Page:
“Prepare the umbrella before it rains.”

– Malay Proverb

Death is an essential part of life. It eventually happens to us all.  Here at Dying to Understand, we know that there is never a good time to die and that dying is filled with challenges. As much as this is difficult and it sometimes seems easier to avoid the matters of dying,  there are a few vital things that must be done to prepare for death.

When someone gets told they are dying, they and the ones they love become overwhelmed with emotion. This is normal and is actually a good thing, as it takes time to work through these powerful emotions. There is, however, an important practical side that must be faced in spite of these emotions. While it may be a good euphemism to be told to ‘get your affairs in order’, most people don’t necessarily understand what this entails. In short, it means that essential things must be done before death and these things include wills, power of attorney, estate planning etc.

Getting this done in preparation for dying requires professional help, crystal clear communication and, most importantly, gives you have a sense of doing something positive even if you think the tasks as a negative

Death and dying can lead to chaos, but it doesn’t have to. Getting things done now and doing them right will ensure that there is no room for miscommunication about our wishes when we can no longer communicate. This will protect those left behind from being disadvantaged, and save hours of time and untold distress when all that is left to go on is the best guess. We owe it to our loved ones to have our affairs in order, even if it is just to make things a little easier once we’re gone. Let this be one of our legacies.


When it comes to dying, we can never be too prepared. Death has a way of being permanent and anything left undone remains undone. There are lots to do, but don’t get overwhelmed. Make a list of things that need to be done or organised and use our tool to help make sure you’ve got it all covered.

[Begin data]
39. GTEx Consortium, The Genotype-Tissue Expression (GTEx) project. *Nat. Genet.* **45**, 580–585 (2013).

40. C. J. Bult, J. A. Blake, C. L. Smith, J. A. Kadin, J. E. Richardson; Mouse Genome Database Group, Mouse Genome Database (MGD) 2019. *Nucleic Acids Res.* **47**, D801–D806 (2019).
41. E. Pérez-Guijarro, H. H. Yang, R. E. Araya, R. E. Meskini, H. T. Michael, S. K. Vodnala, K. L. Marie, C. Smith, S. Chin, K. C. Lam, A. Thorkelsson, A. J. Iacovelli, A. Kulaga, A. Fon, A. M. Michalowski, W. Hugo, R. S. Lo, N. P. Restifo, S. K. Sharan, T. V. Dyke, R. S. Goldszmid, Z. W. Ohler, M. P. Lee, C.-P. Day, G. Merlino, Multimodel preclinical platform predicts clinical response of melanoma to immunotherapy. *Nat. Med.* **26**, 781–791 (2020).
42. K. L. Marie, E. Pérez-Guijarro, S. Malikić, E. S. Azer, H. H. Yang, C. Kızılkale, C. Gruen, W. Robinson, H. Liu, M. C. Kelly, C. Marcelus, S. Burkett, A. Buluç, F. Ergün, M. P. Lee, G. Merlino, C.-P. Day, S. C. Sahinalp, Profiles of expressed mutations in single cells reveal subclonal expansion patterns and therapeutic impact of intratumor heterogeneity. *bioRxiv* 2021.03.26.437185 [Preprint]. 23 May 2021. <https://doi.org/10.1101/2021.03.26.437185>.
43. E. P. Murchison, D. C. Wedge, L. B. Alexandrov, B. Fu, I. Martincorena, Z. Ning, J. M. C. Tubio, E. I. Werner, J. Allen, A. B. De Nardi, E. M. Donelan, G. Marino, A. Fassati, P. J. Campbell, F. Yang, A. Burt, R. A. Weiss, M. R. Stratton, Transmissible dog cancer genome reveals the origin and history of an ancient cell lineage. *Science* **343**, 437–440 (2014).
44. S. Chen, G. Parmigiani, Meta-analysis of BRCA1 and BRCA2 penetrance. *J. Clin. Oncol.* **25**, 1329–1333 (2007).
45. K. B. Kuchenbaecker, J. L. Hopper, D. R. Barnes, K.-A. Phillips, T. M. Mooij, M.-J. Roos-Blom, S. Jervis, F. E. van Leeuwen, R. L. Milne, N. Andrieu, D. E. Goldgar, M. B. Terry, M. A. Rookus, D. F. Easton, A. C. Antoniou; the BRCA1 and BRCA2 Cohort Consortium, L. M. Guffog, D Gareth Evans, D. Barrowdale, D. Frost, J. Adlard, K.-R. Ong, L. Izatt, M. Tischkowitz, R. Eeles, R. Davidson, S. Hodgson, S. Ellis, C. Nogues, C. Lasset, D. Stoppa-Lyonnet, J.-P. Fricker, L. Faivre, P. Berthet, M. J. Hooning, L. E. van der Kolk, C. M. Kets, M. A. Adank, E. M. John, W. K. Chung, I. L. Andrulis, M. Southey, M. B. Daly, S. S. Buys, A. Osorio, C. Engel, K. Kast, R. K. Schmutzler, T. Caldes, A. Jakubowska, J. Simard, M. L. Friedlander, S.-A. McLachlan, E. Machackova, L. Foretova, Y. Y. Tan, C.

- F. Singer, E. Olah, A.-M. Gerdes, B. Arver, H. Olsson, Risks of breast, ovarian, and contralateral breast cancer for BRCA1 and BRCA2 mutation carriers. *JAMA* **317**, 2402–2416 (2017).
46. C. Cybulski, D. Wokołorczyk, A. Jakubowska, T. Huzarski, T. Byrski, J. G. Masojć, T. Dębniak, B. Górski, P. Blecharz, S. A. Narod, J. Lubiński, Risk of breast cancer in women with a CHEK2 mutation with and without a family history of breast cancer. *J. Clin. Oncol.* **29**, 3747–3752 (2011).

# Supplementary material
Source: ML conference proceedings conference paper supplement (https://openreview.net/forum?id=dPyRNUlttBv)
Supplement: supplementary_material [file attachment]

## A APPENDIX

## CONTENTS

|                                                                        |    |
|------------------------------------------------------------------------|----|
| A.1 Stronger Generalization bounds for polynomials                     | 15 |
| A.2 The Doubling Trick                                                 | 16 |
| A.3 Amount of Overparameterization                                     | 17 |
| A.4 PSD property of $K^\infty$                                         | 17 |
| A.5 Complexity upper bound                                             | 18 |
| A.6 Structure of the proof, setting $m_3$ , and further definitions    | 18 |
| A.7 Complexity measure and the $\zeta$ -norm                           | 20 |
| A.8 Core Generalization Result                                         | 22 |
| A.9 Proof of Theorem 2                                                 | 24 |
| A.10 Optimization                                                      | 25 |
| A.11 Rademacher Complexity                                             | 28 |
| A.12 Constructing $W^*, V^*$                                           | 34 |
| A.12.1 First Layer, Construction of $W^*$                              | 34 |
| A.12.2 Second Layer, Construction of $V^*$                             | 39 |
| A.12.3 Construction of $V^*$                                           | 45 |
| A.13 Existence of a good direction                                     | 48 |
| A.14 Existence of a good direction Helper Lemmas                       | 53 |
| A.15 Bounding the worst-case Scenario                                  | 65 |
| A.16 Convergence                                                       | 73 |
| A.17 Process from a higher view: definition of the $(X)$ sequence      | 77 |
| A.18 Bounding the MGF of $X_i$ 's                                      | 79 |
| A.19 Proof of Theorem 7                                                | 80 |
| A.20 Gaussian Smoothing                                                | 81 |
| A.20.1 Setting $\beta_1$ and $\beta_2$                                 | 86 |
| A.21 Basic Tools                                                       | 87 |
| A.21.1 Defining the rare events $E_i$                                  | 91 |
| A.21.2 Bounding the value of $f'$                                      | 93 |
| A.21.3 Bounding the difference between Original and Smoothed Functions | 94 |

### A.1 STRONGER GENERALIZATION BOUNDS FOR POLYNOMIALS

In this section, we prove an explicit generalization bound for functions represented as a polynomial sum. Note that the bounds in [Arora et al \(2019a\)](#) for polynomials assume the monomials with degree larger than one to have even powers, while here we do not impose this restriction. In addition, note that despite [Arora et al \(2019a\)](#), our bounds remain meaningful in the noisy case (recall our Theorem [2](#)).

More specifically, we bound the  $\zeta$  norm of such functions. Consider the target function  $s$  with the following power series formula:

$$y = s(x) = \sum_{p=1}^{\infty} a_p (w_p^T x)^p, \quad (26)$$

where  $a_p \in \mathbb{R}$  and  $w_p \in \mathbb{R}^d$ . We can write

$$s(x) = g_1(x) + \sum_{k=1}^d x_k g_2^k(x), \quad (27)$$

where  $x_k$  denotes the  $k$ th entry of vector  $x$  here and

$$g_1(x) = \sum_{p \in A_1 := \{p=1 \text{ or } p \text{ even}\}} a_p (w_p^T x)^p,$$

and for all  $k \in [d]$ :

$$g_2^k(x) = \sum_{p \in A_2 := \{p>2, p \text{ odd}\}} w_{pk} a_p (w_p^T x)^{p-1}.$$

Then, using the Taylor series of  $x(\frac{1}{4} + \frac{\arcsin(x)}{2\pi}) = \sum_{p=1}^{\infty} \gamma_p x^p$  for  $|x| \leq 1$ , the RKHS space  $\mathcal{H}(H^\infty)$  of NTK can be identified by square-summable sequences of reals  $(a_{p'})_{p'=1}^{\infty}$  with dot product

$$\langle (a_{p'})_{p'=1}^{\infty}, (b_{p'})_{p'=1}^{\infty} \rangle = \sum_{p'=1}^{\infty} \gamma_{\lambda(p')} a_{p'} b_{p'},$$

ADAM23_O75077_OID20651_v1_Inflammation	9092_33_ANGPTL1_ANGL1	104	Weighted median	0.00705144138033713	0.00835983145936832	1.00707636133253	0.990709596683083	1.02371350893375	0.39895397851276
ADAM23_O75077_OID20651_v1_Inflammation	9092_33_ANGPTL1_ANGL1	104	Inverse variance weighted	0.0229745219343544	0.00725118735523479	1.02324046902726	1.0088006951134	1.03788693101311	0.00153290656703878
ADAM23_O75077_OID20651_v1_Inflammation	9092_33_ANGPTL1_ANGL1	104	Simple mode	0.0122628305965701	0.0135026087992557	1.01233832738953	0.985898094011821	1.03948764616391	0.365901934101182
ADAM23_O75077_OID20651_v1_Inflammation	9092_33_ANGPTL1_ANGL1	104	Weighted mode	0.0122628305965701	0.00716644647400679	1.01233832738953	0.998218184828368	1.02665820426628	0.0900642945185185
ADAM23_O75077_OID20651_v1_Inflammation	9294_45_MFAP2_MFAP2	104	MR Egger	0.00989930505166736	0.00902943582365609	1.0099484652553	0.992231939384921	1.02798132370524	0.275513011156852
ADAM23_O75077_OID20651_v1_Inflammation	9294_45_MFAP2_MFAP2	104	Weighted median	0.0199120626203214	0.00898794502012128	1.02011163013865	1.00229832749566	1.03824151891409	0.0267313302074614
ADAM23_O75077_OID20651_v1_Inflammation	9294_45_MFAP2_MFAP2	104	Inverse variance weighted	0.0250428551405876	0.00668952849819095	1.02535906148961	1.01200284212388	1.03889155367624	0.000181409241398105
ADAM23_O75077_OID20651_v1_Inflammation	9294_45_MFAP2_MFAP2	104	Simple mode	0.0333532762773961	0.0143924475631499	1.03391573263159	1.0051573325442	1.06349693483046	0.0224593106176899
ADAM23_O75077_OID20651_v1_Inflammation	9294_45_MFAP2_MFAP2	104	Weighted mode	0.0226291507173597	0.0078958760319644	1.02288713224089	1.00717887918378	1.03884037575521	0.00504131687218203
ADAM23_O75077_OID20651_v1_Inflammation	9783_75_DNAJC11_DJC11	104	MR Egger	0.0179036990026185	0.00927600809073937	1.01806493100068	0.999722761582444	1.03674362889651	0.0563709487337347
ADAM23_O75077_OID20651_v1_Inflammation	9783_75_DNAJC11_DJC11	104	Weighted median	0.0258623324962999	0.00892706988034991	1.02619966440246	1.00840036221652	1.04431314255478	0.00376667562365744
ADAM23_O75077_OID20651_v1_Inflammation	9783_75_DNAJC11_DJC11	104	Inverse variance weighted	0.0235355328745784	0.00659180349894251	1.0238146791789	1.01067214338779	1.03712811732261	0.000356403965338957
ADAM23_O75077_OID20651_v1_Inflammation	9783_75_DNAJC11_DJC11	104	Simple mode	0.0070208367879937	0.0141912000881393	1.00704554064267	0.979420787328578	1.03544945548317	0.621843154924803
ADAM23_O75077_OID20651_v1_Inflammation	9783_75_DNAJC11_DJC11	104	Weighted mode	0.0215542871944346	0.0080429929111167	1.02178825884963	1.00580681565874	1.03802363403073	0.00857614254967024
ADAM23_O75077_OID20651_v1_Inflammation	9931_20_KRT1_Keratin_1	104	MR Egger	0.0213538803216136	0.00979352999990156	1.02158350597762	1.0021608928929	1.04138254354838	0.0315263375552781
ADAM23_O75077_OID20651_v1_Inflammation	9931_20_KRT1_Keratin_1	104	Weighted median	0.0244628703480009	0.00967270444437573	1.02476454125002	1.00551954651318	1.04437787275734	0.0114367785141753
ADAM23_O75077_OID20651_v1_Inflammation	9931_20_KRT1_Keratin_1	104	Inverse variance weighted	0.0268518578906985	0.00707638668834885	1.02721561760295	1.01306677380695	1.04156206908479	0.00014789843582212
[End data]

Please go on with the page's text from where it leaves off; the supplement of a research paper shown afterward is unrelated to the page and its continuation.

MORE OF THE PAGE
Legal Matters 

When it comes to death and dying, expressing your views via legally supported documentation is essential. Usually, these legal documents take the form of testaments and wills, a power of attorney, estate planning and other matters your lawyer may consider. Whatever you do, try to avoid doing it yourself as it won’t survive if the vultures come, as they do, after death. Money spent on good legal documents and advice turns out to be cheap in comparison to drawn-out court cases when someone contests a will.

Estate Planning & Financial Matters

Even though you cannot take it with you when you die, you do want to ensure that your assets are protected. Seeking financial advice about estate planning before dying is essential. Why pay unnecessary tax and fees if you can avoid it. Seeking professional help to ensure your estate and other assets are safe and directed where you want is of utmost importance for both you and your family or friends.


Stay in control even when you are not. When your health is fading and death is nearer, medical care will undoubtedly increase and your wishes associated with this care are important.

Important things to consider to support the dying process are advanced directives, resuscitation instructions and, most importantly, exploring the benefits of palliative care. It’s important for living and for dying to be informed.

Funerals and Cremations

After death comes the funeral or the farewell. Most people think of funerals or cremations negatively. They are not bad, they are events that play an essential function in society and are an important part in the dying process in that they honour the life lived, deal with grief and, most importantly, dispose of the deceased body. 

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